THE RETAIL BULLETIN - The home of retail news
Click here
Home Page
News Categories
Commentary
Department Stores
Electricals and Tech
Entertainment
Fashion
Food and Drink
General Merchandise
Grocery
Health and Beauty
Home and DIY
Interviews
People Matter
Retail Business Strategy
Property
Retail Solutions
Electricals & Technology
Sports and Leisure
Christmas Ads
Shopping Centres, High Streets & Retail Parks
Retail Events
People in Retail Awards 2024
Retail HR Summit
THE Retail Conference
Retail HR North 2025
Omnichannel Futures 2025
Retail HR Central 2025
Upcoming Retail Events
Past Retail Events
Retail Insights
Retail Solutions
Advertise
About
Contact
Subscribe for free
Terms and Policies
Privacy Policy
Q&A: Glen Tooke – Worldpanel Division, Consumer Insight Director, Fashion at Kantar.

Glen and entertainment counterpart James Foti are presenting called How to Plan for Changing Consumer Behaviours at the global c-suite conference for brand owners and leaders… View Article

INTERVIEWS

Q&A: Glen Tooke – Worldpanel Division, Consumer Insight Director, Fashion at Kantar.

Glen and entertainment counterpart James Foti are presenting called How to Plan for Changing Consumer Behaviours at the global c-suite conference for brand owners and leaders Licensing Leadership Summit, which runs from 28-29 October 2020 as part of Festival of Licensing.

Q: Your session synopsis say ‘as consumers re-evaluate brand choices and household budgets fall, entirely new behaviours are emerging’; tell us more.

GT: There have been so many behaviours, both old and new, to observe and it’s been fascinating. Some behaviours have changed depending on permissions; what we are ‘allowed’ to do. So, when DIY stores opened after lockdown, queues snaked around the car parks and customer volumes were at higher levels than pre-lockdown. People were so bored of being at home they just wanted something, anything, different to do. In that instance, it was browsing round B&Q, but we saw a similar trend in the fashion industry when that reopened – huge pent up demand led to massive first week queues for stores like Primark.

We also saw the emergence of entirely new behaviours – microtrends – like the growth in loungewear. With nowhere to go, we all just wanted to be comfy at home. There has been so much communication about mindfulness and mental health, too, and the importance of taking a drawing a line between work and evening. Our natural transition from workwear into casualwear at the end of the day, switched to casualwear into loungewear.

We have also seen a move towards needs-based spending – so buying to satisfy a need rather than a want. This is due to two big factors: our budgets are falling, so we are self-justifying every purchase; and the pace of change. Things are changing on a daily basis, so we are reluctant to buy ahead. Why buy a Christmas outfit when we don’t know if we’ll even be allowed to celebrate? We’ve become more agile in our spending, and retailers need to adapt to these changing customer needs equally quickly while remaining true to their brand and purpose.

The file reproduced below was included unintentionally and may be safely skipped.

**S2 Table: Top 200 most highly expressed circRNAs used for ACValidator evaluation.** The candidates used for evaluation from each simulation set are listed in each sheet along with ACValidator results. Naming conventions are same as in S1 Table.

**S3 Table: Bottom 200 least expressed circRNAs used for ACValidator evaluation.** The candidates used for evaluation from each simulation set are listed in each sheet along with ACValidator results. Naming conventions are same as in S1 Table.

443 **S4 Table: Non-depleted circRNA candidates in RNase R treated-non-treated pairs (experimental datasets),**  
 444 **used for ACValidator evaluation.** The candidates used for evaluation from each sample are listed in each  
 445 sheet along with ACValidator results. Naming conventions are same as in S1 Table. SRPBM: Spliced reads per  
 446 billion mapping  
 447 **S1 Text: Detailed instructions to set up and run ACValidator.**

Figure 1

You talk about the acceleration of digital streaming and online shopping, how is this likely to affect brands and also retail over the next 6-18 months? 

GT: This is really interesting because there was a massive shift to online spending over April and May, when just 20% off all fashion spending was in store. As stores reopened, this rose to 60%, compared to 70% pre-lockdown.

In the short to mid-term, we will still have that instore/online mix of spending habits and most customers will do both. That’s a big challenge for retailers: how to think about that each individual customer as an online and instore shopper, rather than online and instore shoppers as two distinct demographics.

Our research showed that around 75% of consumers actively state they are trying to minimise trips out of the house. On paper, this sounds like bad news for instore. However, it provides its own challenges for ecommerce because ‘out of the house’ doesn’t just mean going to the shops, it can also mean avoiding long Post Office queues to returns orders.

Online retailers need to be aware of that and provide excellent end-to-end service. We have been so inconvenienced over the last seven months that reliability is high on our list of needs. We don’t just want free next day delivery; we went our goods to actually turn up when we’re told they will.

Competition online can also be fiercer: it’s much easier for customers to compare products,  brands, prices and service online than in store, where retailers benefit from pretty much a captive audience.

Q: What is the biggest impact we are going to see when it comes to Christmas consumer habits and how should retail respond to negate/maximise any behavioural changes?

GT: What we’ve seen in the data is that it’s those retailers who are most nimble that are doing best. So, if government guidance changes mid-December to say we can go to the pub and bubble in 12s, which stores will be first out of the blocks with Santa jumpers and partywear? And if we are allowed to celebrate New Year’s Eve beyond 9:59pm, who’s got the sequins ready to ring up at the tills?

Q: What’s the kick-back on the licensing sector – what does it mean for brands? 

GT: Three points here: consumers view the licensing sector as an element of their [clothing] spend (it’s an unconscious purchase); it’s more important than ever to understand your customers and to sell them the products they want and not the ones you’d like them to buy. And you need to differentiate yourself. With licensed childrenswear, for example, featuring the right character may not enough. Some parents will want to see value, good workmanship and sustainable credentials, too. Offer all of these things, and customers – even when they are short of cash – will find it must easier to justify their spend.

Find out more at the Licensing Leadership Summit.

Subscribe For Retail News